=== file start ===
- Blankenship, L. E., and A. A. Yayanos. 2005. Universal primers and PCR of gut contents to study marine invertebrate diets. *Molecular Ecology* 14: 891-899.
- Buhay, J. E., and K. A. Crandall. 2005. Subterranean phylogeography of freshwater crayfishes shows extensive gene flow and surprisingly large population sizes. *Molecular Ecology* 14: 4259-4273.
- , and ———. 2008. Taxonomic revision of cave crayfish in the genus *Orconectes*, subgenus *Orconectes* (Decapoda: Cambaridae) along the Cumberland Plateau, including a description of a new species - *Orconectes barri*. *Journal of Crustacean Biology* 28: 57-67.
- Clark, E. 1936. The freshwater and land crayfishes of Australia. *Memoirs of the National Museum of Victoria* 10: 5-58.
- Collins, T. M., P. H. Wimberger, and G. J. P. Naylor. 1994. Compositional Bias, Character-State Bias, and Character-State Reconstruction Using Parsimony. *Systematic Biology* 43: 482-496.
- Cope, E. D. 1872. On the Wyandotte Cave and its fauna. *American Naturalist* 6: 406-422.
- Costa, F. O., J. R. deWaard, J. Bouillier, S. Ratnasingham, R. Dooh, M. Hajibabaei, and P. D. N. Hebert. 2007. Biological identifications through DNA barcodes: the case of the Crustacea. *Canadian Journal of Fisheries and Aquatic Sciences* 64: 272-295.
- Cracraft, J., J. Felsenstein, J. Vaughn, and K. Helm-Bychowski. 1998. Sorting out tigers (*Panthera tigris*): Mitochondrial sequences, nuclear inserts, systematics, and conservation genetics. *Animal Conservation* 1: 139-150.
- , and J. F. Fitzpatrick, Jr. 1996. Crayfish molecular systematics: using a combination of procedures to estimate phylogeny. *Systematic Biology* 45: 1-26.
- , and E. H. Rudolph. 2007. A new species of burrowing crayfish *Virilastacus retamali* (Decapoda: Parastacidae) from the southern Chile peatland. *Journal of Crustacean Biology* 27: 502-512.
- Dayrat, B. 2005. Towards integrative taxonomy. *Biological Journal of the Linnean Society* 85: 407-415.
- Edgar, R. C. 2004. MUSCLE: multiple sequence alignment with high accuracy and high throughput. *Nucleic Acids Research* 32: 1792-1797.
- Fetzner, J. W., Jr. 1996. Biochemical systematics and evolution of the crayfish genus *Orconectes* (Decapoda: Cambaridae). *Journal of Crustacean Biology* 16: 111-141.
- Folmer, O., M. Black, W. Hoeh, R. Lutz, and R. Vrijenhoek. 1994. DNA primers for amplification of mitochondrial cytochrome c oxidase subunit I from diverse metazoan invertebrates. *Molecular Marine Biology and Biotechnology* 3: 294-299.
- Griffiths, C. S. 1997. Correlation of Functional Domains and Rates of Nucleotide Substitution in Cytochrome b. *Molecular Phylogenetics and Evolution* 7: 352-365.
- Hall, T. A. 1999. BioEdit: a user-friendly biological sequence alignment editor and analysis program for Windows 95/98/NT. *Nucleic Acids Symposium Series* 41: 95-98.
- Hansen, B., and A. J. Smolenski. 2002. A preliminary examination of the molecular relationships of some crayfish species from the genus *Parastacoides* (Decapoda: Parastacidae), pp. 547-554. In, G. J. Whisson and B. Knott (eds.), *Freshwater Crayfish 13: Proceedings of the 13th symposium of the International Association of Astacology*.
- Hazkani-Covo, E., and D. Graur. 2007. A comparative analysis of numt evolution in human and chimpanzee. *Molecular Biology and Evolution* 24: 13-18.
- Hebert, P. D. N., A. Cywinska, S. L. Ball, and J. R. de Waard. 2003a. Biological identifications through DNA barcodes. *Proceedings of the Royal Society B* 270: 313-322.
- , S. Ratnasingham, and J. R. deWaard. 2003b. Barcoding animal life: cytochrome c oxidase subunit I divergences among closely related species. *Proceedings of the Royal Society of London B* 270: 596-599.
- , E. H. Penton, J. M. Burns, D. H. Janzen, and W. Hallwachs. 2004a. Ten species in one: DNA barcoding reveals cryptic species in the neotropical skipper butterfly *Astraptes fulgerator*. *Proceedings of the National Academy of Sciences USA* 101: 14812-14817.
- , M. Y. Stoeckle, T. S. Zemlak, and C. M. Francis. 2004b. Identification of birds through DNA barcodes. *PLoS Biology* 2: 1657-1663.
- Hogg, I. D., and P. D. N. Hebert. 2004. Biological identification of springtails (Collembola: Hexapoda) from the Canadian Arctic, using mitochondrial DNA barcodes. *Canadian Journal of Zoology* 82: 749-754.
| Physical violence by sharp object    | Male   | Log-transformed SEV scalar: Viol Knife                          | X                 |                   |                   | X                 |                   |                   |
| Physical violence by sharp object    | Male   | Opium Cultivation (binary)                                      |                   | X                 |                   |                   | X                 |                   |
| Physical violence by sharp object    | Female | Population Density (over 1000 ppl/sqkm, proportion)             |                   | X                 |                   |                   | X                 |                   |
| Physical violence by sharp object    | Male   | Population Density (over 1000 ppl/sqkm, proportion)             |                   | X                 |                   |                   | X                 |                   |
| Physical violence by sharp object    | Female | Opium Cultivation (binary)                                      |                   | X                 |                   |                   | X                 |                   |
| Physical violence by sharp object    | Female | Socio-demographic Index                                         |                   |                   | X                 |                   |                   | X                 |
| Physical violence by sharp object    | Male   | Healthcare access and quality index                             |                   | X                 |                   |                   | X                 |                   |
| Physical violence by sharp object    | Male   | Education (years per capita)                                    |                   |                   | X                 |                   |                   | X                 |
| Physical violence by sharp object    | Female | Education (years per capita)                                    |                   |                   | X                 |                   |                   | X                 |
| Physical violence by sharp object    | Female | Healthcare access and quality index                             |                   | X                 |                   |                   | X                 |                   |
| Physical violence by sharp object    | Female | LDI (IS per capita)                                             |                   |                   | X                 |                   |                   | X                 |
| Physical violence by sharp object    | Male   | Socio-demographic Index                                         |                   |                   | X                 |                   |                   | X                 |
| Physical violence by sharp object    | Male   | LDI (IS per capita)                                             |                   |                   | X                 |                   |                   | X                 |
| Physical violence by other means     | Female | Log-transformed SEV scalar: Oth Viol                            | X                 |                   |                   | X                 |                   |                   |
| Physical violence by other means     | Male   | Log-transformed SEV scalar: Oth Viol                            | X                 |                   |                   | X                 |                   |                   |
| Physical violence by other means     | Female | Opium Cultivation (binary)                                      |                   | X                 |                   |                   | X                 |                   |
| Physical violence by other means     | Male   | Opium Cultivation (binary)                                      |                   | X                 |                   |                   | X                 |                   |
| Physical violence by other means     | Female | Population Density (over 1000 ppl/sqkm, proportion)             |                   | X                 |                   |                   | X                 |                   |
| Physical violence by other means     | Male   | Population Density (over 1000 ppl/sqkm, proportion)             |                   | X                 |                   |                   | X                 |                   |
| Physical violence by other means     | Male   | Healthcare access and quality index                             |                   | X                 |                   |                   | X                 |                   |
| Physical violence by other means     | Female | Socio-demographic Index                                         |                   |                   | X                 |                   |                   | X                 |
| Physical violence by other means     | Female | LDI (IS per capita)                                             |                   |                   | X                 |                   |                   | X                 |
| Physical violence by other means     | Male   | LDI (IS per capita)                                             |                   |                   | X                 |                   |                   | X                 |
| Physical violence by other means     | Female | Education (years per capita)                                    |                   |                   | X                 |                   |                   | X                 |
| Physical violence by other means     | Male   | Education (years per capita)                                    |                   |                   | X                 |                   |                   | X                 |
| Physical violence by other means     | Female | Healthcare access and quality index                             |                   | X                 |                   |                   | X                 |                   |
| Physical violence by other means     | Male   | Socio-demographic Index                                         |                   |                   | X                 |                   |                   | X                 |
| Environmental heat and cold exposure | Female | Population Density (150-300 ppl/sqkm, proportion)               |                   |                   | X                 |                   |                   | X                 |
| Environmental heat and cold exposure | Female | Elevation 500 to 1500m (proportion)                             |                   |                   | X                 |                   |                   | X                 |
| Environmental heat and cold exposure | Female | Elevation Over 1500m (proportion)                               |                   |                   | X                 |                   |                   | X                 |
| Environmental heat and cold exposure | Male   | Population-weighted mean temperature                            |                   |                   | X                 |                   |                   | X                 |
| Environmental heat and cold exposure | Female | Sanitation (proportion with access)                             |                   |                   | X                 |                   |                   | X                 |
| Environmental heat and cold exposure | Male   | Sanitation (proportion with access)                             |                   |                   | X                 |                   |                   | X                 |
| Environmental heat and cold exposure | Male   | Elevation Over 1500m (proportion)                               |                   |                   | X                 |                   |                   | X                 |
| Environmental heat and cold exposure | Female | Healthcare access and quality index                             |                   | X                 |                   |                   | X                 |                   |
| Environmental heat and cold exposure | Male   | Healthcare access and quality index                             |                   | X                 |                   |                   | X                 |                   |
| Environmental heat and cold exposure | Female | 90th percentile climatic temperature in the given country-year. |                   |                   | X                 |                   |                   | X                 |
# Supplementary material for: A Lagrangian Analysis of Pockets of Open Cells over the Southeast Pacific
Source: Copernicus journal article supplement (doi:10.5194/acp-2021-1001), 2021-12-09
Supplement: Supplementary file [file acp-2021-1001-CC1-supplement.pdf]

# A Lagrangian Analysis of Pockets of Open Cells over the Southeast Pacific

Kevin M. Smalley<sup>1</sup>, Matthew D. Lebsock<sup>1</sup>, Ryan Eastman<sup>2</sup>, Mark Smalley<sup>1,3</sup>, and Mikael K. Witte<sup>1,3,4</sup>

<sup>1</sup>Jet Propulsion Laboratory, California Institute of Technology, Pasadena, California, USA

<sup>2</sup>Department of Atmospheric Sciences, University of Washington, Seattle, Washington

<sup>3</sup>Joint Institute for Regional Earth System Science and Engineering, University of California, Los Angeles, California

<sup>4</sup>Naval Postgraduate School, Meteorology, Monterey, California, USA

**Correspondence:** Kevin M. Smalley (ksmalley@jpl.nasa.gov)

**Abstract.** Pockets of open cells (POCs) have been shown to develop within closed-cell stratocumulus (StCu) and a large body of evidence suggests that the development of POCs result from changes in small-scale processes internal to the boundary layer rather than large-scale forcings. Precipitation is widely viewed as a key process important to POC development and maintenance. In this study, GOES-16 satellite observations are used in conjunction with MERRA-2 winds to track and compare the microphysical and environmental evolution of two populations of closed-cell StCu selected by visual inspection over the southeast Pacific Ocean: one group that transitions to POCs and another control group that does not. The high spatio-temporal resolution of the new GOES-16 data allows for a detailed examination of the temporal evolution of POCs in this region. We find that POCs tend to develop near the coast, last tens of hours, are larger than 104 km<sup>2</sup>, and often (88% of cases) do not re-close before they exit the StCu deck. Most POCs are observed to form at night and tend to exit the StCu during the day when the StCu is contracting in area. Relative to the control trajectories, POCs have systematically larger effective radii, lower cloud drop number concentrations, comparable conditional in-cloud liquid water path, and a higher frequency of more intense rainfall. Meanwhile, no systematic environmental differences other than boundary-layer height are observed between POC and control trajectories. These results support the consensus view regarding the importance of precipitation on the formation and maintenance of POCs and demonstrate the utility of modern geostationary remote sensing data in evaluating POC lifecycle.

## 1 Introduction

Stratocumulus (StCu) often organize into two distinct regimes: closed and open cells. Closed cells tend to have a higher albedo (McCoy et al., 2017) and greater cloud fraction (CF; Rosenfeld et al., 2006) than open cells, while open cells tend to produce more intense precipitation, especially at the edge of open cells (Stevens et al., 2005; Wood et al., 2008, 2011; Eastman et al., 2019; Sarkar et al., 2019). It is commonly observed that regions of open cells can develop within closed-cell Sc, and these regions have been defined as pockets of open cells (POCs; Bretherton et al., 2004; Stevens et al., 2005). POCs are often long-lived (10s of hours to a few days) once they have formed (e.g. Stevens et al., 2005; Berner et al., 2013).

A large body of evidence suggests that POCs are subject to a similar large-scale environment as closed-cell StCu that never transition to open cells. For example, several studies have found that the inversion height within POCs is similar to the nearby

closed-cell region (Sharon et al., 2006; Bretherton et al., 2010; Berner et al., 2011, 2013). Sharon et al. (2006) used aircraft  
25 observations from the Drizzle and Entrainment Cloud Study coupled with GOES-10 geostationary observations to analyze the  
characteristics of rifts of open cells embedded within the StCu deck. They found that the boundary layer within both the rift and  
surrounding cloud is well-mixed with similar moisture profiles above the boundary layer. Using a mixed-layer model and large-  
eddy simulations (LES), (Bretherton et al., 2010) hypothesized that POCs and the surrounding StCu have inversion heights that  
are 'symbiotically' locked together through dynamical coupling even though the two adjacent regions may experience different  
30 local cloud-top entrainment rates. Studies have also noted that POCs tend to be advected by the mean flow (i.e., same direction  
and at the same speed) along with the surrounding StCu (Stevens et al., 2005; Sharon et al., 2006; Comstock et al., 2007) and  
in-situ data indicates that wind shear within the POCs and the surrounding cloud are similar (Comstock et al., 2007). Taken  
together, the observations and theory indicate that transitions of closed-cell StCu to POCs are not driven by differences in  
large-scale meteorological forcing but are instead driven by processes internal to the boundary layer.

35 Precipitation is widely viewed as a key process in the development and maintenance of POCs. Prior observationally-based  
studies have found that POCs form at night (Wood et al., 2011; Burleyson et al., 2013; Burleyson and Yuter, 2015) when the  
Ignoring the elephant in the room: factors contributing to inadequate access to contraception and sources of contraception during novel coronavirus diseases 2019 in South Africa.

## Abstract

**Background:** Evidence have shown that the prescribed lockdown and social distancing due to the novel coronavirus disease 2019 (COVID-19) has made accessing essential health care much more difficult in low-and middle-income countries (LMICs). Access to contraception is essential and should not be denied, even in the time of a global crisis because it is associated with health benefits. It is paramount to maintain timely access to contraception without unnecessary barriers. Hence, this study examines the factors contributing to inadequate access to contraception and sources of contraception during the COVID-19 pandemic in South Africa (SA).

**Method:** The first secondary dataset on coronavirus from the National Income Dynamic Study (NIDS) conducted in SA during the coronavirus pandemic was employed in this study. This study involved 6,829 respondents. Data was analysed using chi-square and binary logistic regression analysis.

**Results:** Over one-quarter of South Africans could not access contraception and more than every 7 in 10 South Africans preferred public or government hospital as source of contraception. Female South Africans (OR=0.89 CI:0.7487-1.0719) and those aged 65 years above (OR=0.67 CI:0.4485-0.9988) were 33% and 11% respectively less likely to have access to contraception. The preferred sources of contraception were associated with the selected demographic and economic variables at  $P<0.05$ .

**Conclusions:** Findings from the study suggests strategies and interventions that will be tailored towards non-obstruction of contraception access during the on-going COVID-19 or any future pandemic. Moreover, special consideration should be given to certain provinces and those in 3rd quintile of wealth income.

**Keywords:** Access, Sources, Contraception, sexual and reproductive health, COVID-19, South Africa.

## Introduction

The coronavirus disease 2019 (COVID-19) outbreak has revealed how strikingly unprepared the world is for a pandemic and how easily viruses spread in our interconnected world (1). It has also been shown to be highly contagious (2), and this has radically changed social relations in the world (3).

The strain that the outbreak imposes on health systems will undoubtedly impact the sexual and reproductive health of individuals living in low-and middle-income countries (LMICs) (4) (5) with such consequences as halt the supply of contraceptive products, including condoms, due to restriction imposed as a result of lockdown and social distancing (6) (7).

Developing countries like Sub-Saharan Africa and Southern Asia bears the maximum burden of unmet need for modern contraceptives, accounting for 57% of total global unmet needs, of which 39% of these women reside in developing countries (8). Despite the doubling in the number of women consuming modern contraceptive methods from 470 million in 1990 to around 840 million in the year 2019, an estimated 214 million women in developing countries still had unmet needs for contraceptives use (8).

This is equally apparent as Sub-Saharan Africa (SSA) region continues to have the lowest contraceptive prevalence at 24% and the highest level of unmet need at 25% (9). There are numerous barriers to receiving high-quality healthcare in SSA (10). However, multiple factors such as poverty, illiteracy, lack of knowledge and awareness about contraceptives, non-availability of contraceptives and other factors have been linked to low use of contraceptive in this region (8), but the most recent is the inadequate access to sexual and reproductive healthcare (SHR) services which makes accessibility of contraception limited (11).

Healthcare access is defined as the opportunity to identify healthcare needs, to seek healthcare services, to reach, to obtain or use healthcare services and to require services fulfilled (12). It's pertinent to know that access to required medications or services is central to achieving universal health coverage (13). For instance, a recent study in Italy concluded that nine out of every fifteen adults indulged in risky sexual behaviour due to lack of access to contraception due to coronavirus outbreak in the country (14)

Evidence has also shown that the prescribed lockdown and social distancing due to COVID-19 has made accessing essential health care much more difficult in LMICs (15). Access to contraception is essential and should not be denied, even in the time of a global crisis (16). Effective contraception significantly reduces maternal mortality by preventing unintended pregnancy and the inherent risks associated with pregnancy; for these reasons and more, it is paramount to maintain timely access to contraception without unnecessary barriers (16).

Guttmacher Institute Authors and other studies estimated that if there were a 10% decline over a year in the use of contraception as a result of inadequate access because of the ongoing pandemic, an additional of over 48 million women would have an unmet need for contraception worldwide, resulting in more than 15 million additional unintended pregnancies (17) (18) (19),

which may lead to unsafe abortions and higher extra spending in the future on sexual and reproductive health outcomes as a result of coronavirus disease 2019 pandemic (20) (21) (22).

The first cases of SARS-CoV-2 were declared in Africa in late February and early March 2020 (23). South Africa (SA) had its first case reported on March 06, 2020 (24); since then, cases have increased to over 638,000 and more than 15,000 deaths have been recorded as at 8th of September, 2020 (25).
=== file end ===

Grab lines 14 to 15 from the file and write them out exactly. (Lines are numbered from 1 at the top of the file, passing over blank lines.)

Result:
- Folmer, O., M. Black, W. Hoeh, R. Lutz, and R. Vrijenhoek. 1994. DNA primers for amplification of mitochondrial cytochrome c oxidase subunit I from diverse metazoan invertebrates. *Molecular Marine Biology and Biotechnology* 3: 294-299.
- Griffiths, C. S. 1997. Correlation of Functional Domains and Rates of Nucleotide Substitution in Cytochrome b. *Molecular Phylogenetics and Evolution* 7: 352-365.